5 Essential Items for Hosting a Barbeque
The barbeque is a great Australian tradition. Even for those who are not that patriotic, sitting around the barbie is one thing most Aussies love to do. Australians love the outdoors; we have fabulous steak and great beer, all the essential items to make a great barbeque. Except of course for the barbeque! If you don’t already have one, check out the great range at http://www.barbequesgalore.com.au/ where there is truly a barbeque for everyone.
Invite the guests, get some great steak and grab a few snags, get plenty of ice for the esky and you ready to host a great barbeque. Or are you? Here are a few tips to help make your barbeque a roaring success.
Clean the Barbeque
It is really important to start out with a nicely cleaned barbeque. It is tempting, at the end of a long day at the barbeque, to leave it dirty. This practice will eventually lead to rust. The best time to clean the barbeque is when it’s hot. Use a barbeque scraper to get rid of any leftovers stuck to the plate.
Don’t Cook Cold Meat
The whole point of hosting a barbeque is to provide your guests with great tasting meat cooked on the barbie. One of the most important tips to cooking a good steak on the barbeque is to make sure the meat is at room temperature before cooking. The hardest part of cooking on a barbie is getting the heat to cook the inside of the steak without burning the outside. Cold meat makes this task much harder.
Keep it Thin
Another important tip to help make sure the heat gets to the middle of the steak is to use thin meat. A thick steak will likely be black on the outside before it’s cooked in the middle. Buy your steaks about one centimetre thick and press them out with your hands to around half a centimetre thick. Flattening them will also help to tenderise the meat.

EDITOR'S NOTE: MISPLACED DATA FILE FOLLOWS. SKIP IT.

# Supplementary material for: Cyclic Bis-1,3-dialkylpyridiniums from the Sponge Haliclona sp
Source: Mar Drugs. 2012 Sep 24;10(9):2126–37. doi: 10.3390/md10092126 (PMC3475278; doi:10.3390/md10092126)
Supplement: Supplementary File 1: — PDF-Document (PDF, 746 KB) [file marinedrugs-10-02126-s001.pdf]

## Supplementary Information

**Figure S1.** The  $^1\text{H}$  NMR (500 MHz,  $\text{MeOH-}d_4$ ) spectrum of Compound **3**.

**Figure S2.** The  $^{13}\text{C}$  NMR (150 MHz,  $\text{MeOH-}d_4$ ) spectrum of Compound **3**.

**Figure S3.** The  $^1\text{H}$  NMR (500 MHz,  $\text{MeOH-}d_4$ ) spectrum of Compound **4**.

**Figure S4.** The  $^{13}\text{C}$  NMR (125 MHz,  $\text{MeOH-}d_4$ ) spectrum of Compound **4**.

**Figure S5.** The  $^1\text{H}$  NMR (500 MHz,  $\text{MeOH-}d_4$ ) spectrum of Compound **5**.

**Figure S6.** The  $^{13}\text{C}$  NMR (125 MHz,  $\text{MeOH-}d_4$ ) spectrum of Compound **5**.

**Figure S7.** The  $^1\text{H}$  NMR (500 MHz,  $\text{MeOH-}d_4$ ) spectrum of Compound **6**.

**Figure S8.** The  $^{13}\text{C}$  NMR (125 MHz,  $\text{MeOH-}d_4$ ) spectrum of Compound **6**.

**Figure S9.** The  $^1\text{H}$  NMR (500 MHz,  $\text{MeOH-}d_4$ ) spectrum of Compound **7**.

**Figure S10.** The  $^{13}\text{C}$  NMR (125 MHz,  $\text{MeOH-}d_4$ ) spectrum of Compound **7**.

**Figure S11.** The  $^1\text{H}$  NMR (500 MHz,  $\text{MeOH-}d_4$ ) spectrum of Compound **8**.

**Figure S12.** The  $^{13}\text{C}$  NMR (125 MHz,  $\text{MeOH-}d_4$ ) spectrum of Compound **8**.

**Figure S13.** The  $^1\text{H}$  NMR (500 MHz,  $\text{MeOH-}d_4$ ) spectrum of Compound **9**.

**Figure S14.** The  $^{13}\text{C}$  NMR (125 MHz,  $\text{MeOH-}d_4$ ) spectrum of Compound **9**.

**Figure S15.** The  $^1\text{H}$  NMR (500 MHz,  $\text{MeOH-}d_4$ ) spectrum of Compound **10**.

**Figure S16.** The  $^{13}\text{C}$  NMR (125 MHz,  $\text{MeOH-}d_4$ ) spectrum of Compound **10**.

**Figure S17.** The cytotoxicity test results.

Preheat the Barbeque
The barbeque needs to be hot before you start cooking. Heat it up and then place your steaks on the barbeque plate. This will ensure that you get a great barbeque flavour and a good colour.
Beware the Poke
If you have spent any time watching the average person at the barbeque, you will have witnessed lots of poking and prodding. While this might make you look busy it is not necessary and does nothing to improve the steak. It takes time for the caramelised crust to form on your steak and if you keep pushing it around the plate it will never happen. Another mistake is to use your flipper to squash steak and patties down into the plate. While this might speed up cooking time it actually forces all the moisture out of the meat and leaves you with dry meat. Sausages too, are best left alone during cooking. Piercing them often causes them to fall apart and dry out.